YEAR2012 - 2013
CONTAINERS MADE IN WOOD
Almost every project begins with a site visit.
For the architect, almost always, the site is a piece of land, or else an interior. On this occasion it is an interior which also is an exterior. The new Revigrés offices have very clear parameters set out by their future users: proximity to the new production area, functionality, sustainability and if possible identity and harmony.
Initially I thought that proximity was necessary in relation to the production line, but in a building that would be separate to the other pavilions of Unit 2, and so, I saw these parameters as having a different weight and interpretation.
At the site visit, I was surprised by the necessity and intention of making the new building within an existing one. Surprised, somewhat perplexed, pleased with the challenge that spices up our professional role, amazed by the complexity and automation of the production chain and by the constant construction and transformation of the equipment and technology.
Here and there, were some slightly odd, makeshift materials that clashed with the high-tech nature of the equipment, the production process and the materials produced, which in a certain way conceal the chemistry and the mechanics of this process of transforming matter.
A very large box that must have been used to safely transport some piece of equipment, now waited to be moved along and to be transformed into something new, something made possible by the material itself and by the ingenuity of the people who master these new technologies. Containers that are designed and made to measure, used and then later, are re-used within a logic of functionality and responsible sustainability.
The new offices for Revigrés are located inside Unit 2, at its southern end; they will be nothing more than containers, large boxes where people will work, but, not without some exposure to the heat and noise inherent in the production of ceramics.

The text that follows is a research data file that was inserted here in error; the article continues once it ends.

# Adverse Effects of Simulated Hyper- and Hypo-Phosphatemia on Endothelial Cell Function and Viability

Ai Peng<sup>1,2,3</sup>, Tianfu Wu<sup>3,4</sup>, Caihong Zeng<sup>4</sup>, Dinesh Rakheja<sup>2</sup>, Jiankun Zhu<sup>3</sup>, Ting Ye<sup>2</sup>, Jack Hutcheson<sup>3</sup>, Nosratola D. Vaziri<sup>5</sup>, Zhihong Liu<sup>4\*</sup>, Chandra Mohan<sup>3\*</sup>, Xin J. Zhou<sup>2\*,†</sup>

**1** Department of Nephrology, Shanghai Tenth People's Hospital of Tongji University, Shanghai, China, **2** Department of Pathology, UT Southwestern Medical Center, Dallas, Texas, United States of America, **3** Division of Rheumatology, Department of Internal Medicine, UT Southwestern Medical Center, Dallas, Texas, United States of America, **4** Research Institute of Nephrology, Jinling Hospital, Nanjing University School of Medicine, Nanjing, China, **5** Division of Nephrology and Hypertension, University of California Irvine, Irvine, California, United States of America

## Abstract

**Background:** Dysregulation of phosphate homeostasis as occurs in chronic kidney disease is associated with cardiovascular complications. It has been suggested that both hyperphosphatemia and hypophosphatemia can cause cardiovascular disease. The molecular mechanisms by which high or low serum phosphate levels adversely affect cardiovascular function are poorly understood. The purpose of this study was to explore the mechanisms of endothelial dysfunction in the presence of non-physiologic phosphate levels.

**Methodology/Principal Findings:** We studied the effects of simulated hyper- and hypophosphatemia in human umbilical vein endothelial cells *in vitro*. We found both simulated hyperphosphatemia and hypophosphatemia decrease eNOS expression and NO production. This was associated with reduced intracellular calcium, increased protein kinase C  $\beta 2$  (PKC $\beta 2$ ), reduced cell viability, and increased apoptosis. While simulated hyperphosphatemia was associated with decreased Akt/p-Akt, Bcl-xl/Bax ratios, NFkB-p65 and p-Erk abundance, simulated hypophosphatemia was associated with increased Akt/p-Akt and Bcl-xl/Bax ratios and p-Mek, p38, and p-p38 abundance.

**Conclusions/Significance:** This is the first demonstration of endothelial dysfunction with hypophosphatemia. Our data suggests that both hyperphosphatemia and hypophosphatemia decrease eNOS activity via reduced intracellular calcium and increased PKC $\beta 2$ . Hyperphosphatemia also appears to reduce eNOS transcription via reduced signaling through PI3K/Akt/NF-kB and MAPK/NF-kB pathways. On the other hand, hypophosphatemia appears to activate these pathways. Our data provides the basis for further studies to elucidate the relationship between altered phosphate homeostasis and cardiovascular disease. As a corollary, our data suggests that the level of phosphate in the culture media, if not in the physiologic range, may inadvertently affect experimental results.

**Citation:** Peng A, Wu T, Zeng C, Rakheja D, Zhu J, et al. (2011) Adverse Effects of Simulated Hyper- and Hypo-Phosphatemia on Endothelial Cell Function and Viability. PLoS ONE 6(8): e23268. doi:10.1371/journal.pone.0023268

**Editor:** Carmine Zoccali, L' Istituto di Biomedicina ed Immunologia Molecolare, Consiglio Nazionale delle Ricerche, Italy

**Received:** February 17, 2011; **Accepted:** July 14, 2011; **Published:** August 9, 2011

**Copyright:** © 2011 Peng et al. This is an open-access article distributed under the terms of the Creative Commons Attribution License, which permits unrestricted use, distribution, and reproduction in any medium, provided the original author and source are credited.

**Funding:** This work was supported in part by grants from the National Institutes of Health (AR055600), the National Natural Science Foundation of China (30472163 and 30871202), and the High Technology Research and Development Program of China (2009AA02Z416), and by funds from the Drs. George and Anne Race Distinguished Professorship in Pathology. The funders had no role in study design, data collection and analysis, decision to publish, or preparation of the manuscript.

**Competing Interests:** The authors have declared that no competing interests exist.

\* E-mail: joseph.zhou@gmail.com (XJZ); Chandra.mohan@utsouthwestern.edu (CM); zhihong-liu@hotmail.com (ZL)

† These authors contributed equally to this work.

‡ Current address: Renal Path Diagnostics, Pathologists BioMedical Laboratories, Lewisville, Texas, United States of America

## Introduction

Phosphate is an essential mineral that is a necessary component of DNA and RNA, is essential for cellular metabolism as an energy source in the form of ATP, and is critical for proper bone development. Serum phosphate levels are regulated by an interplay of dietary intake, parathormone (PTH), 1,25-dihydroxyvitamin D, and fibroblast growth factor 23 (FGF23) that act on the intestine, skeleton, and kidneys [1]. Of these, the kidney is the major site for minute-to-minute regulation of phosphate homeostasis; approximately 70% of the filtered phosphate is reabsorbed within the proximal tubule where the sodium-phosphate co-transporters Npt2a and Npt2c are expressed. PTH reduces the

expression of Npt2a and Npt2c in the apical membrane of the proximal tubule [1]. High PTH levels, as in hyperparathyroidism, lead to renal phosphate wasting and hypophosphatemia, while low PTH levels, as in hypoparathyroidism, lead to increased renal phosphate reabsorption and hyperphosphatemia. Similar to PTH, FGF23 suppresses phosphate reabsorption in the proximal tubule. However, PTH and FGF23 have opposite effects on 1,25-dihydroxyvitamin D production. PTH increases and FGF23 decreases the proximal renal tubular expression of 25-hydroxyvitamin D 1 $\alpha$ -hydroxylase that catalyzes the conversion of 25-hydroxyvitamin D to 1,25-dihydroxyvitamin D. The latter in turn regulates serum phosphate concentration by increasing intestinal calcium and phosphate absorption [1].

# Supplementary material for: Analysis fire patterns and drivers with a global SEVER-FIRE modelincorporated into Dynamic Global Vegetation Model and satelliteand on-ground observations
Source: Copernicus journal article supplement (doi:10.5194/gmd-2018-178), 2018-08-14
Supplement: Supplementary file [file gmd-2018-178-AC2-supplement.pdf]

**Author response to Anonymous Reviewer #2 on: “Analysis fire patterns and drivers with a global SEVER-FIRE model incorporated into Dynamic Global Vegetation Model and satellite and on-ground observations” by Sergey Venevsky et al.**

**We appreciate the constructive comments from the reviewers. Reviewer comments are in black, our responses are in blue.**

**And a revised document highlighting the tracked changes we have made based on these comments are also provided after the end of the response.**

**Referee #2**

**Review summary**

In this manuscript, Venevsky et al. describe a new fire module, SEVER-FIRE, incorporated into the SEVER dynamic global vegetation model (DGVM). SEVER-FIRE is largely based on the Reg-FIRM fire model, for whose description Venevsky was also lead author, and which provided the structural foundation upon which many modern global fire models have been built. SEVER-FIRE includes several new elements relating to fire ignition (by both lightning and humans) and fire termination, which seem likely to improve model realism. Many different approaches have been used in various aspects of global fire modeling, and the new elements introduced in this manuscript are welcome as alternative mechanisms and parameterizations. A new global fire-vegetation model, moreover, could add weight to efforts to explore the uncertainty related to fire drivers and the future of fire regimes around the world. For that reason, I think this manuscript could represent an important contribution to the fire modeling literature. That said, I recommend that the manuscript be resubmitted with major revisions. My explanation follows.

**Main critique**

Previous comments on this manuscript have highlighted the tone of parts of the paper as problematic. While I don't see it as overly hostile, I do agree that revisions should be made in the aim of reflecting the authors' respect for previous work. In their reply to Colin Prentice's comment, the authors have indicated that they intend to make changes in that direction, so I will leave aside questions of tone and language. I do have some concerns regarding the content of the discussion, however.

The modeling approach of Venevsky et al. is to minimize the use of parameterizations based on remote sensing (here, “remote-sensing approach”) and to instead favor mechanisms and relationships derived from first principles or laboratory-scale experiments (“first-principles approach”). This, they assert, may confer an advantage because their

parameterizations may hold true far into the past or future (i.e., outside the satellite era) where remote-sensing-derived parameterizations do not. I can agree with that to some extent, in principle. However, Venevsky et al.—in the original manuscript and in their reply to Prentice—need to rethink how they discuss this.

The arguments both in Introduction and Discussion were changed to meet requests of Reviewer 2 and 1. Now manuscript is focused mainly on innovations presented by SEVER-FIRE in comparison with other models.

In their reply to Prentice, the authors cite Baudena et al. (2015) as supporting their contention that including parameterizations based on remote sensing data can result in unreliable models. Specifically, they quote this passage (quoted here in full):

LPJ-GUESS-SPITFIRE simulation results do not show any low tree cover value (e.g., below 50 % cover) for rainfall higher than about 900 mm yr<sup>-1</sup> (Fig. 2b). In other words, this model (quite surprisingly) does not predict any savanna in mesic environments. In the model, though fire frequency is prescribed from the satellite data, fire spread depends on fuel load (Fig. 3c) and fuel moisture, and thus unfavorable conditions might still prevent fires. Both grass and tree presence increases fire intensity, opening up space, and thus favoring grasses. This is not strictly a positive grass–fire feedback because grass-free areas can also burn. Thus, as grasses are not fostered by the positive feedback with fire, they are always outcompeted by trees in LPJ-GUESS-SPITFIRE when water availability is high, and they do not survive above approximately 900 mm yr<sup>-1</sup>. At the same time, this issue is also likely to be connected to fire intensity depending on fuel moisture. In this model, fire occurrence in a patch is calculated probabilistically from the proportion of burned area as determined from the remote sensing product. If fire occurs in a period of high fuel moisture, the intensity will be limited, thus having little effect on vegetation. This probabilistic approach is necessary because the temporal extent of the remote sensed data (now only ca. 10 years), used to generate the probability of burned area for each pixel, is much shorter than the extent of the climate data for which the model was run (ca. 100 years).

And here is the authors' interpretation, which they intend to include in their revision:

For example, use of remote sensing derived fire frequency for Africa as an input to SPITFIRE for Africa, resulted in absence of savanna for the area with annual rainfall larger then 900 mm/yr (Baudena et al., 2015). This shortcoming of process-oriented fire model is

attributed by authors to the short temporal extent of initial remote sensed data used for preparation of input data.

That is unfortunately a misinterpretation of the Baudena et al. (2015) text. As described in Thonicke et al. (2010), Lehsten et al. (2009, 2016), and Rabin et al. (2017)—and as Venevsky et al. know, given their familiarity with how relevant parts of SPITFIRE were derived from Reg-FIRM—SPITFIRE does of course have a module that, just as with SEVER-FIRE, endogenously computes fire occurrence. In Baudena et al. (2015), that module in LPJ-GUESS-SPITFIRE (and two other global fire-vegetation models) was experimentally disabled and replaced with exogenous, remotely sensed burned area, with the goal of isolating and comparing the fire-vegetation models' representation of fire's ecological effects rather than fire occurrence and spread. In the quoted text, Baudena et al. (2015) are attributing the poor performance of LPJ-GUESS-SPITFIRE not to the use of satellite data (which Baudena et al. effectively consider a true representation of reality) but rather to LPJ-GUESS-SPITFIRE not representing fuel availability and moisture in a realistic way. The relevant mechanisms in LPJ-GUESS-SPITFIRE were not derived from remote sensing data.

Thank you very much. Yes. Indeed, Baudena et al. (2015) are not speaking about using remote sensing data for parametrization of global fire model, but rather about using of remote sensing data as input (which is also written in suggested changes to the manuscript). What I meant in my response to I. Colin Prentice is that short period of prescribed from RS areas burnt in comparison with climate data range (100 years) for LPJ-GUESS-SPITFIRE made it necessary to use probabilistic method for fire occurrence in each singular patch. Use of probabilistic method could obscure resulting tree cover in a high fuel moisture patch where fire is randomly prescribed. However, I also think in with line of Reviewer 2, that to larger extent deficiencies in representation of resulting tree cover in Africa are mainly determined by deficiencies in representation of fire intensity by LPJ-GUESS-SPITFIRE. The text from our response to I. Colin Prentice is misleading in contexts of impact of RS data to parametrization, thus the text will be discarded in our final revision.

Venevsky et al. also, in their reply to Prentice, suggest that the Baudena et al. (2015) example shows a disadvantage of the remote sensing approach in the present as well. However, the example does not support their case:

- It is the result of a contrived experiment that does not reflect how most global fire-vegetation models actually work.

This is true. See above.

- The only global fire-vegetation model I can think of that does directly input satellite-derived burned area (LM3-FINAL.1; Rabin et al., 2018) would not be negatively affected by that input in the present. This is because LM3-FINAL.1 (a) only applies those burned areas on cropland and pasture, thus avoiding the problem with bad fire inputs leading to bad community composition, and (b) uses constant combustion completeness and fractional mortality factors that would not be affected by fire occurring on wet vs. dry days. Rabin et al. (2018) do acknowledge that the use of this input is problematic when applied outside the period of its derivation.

As happens with the customized boxes for transporting particular pieces, it was necessary to interpret the particular needs and requirements of the clients and users, the technical parameters, deadlines and economy in relation to expenditure and means.
As the project progressed, there was a shared desire to create something that would be sustainable. As is often the case in this type of process, some values become banal and some words become vulgarized; sustainability losses its noble character and becomes a buzz word used as a label likewise for things that are good and for things that are mediocre.
This project is sustainable because there is a strong will to be sustainable and because, this willingness itself is sustained by reasons which are beyond those of mere necessity.
The containers have a softwood structure; the walls, floors and ceilings are made out of chipboard panels. The thermal and acoustic insulation is provided by black expanded cork agglomerate. The floors and walls of the sanitary installations are clad in ceramic tiles.
Simple containers in timber and glass, embodying the intentions of the people who commissioned them, the people who worked the timber and made up the frames and the people who designed them so that they could accommodate people and goods in harmony with the environment, while satisfying the requirements of productivity. So, the materials for making the box become the materials for the finishes and for comfort.
In a hopefully distant future, these containers can be transformed into other containers, boxes and crates, in a logic of sustainability that the human mind will forever be capable of re-inventing.
Office in Portugal:
CC&CB – Architects, Lda.
José Carlos Soares
Construction and Engineering Projects, Lda.
HENRIQUES & RODIGUES, Lda.
AR PURO, Lda.
Electricity and Drainage:
ELECTRO CLARA, Lda.
Fernando Guerra I FG+SG
Fotografias de Arquitectura